Today, however, is a different day. My to-do list is probably the longest it has been since I moved to Montreal. A lot of the tasks are menial and simple to complete, but I can’t help but feel overwhelmed by the sheer amount of them. People drop projects, need more information, want help in different places, etc. Work springs up quickly and often catches me by surprise.

Today, someone dropped a massive project and then someone else dropped that right into my lap. I have associated with this project already, so I understand why the responsibility fell to me to complete it, but I will admit that I am worried about my distance from the “client.” I’ll be back in New Mexico for the first three weeks of August to complete an internship, so it shouldn’t be too difficult to work with this organization remotely until then.

Finding the balance between distance, responsibilities, physical and mental health, and enjoying your life is a big challenge for everyone. I find that setting a beginning time, a lunch break, and an end time helps. Sometimes, working from home can feel like time travel. You sit down to send one email at 9 am, and suddenly it’s 6 pm and you haven’t eaten or moved all day. This, in some ways, is good, it means you enjoy your work. In other ways, you won’t be adding value to anything if you sustain this type of lifestyle for too long.

When I was a junior in high school, I would watch my grades religiously. I updated the app on my phone after every class and made a note of every assignment and grade shift. I remember crying myself to sleep one night after watching my history grade drop from a 92 to an 89. The next morning, I woke up in a daze and decided that I was due for a reality check. Metrics, data, scores, grades, views, followers, paychecks, and other forms of success through numbers are fantastic ways to measure how much your work is paying off, but they are easy to become addicted to.

Measure your success by those numbers if you so choose, but measure it by other means as well. Measure your success by your happiness, by your quality of life, by those around you, by how you feel in your mind and body. There are many other ways to appreciate your work. To thrive, you have to think about the balance between work and play. Having adequate amounts of both will benefit your success in every aspect of life.

Eloragh

A Socratic Educator

What does it mean to be a Socratic educator? What are the credentials required to label yourself as such? Well, I label myself as a Socratic educator, yet I have no credentials. I have yet to receive a university degree, attend any sort of licensing program, or been presented with a certificate detailing what I am trained in. What I did, however, I think is much more valuable than any piece of paper or four-year program could give me: I watched people who called themselves Socratic educators try to teach me and took note of everything they did wrong.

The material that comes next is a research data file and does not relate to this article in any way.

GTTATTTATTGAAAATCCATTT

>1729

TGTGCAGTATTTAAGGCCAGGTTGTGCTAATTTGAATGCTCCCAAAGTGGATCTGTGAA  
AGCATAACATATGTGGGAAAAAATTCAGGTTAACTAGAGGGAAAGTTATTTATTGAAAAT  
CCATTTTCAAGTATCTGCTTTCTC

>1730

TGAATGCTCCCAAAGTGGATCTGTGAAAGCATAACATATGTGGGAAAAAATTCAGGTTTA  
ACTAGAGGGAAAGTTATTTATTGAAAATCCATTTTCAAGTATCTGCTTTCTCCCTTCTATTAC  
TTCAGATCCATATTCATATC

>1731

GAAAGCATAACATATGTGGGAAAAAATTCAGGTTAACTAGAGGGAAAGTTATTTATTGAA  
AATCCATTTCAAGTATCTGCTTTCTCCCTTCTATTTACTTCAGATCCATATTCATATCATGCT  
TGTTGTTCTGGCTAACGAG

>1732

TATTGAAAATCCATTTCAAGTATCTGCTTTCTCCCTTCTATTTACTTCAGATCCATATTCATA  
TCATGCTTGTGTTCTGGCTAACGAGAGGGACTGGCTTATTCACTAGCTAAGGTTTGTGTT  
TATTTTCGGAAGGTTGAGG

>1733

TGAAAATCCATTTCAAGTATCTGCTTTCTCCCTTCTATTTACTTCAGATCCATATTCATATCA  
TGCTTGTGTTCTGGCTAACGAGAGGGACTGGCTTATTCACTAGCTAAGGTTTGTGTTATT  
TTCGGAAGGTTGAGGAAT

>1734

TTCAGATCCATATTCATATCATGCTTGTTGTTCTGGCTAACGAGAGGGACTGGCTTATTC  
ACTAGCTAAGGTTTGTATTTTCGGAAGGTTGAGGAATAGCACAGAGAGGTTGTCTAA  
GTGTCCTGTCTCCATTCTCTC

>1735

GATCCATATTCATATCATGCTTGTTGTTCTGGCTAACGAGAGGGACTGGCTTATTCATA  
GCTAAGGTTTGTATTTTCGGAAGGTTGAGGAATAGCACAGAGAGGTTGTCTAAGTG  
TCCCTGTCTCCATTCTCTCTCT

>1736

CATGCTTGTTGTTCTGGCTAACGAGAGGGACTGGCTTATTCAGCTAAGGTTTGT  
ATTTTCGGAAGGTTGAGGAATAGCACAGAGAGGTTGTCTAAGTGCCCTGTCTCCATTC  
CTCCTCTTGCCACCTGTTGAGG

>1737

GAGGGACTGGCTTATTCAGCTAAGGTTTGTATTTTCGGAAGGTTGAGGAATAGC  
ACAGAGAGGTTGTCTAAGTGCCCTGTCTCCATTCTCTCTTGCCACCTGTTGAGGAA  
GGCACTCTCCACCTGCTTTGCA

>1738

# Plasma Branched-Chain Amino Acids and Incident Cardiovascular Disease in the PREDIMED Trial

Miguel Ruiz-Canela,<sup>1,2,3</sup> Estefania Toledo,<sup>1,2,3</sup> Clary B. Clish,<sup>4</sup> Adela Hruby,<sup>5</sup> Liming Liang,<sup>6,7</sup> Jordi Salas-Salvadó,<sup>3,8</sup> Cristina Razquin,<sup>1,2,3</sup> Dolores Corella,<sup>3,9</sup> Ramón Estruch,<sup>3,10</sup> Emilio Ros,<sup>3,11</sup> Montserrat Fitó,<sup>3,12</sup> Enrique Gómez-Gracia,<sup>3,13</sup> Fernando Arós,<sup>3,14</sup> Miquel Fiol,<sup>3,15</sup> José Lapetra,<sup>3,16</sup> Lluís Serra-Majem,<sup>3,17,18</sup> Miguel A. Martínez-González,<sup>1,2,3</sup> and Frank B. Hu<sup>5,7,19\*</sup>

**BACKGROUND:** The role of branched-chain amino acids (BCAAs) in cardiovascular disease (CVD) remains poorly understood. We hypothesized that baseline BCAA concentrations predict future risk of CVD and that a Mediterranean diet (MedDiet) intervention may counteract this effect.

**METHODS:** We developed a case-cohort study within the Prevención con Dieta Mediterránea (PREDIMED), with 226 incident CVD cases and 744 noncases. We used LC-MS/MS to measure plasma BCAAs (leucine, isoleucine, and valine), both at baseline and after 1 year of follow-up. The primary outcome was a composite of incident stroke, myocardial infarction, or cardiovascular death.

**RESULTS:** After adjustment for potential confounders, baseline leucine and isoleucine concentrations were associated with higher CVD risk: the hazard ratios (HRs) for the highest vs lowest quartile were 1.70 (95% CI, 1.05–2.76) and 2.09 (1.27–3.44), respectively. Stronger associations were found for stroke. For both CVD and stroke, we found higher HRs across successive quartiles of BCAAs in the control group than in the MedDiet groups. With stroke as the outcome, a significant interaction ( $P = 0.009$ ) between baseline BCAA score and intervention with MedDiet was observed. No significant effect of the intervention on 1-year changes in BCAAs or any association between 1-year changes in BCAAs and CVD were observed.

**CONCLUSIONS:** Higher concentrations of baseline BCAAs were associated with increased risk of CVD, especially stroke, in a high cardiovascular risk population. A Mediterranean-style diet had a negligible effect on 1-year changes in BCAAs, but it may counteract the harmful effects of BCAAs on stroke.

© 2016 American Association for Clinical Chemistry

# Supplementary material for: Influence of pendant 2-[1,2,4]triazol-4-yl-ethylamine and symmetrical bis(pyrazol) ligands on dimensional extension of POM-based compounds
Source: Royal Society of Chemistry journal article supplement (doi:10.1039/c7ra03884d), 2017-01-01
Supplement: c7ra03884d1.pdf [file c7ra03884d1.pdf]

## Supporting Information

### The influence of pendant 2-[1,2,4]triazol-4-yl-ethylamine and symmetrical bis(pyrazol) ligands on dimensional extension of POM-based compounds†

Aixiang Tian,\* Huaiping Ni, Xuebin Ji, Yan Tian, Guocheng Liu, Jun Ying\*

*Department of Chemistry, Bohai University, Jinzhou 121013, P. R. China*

My high school was a Socratic school, but that label was truly only a marketing scheme. Throughout my four years at Moreno Valley High School, the amount of Socratic education I received steadily declined. What I was left with was a watered-down “discussion-based” school that focused more on teacher philosophy than on the student involvement. My seminars turned into lectures from instructors about their political doctrine or personal moral beliefs. Initially, this frustrated me, but I knew that I had to find a way to make the school work for me until I graduated.

Do I really have a right to call myself a “Socratic educator?” Maybe not. I think about all the people in my life that undoubtedly deserve that title, and I wonder if labeling myself as such is disrespectful to them. On the other hand, I do work in education, I do focus on discussion-based, Socratic styles of learning, and I have operated as an educator of sorts. I do believe there is more value in experience than anything else, and I lived through four years of watching my teachers fail to provide me with the education they promised.

The concept of a seminar is simple. A few rules here and there to keep the discussion calm, but otherwise, you’re free to speak as you want. Judgment is thrown away as people come together not to argue but to ask each other for a better understanding of their differing opinions. I took the best experiences I had, the best seminars I could remember, and thought about what set them apart from the rest. I wanted to focus on what seminars meant to me and how I could take the most meaningful elements and apply them in real-world settings.

I started hosting radio shows using Socratic ideas. Students who had never been exposed to any kind of discussion-based learning quickly adapted to a simple theory meant to keep the conversation productive. It was more than easy, it was enjoyable to introduce them to this kind of communication, which is more than the teachers at MVHS can say. The radio shows have been incredibly successful, airing on KNCE Taos, KSFR Santa Fe, and NPR. My most recent success with them was an award for the NMBA Best Student Journalism Broadcast on our show about gun violence.

I call myself a Socratic educator not because I think I am “deserving” or “worthy” of the title, I do it because it’s what I want to be. I am not interested in becoming a teacher or going through the grueling licensing process. Instead, I want to spread the idea of progress through conversation, through connections, not classrooms. People respond well to tolerance and genuine interaction, two ideas that seminar is based in. Being a Socratic educator has never been about shoving my ethics into the face of my peers, it’s been about asking them to consider a different point of view while I do the same. In my opinion, trying to spread that message has taught me a lot more than any lecture could.

Eloragh

Image credit to alignleadership.com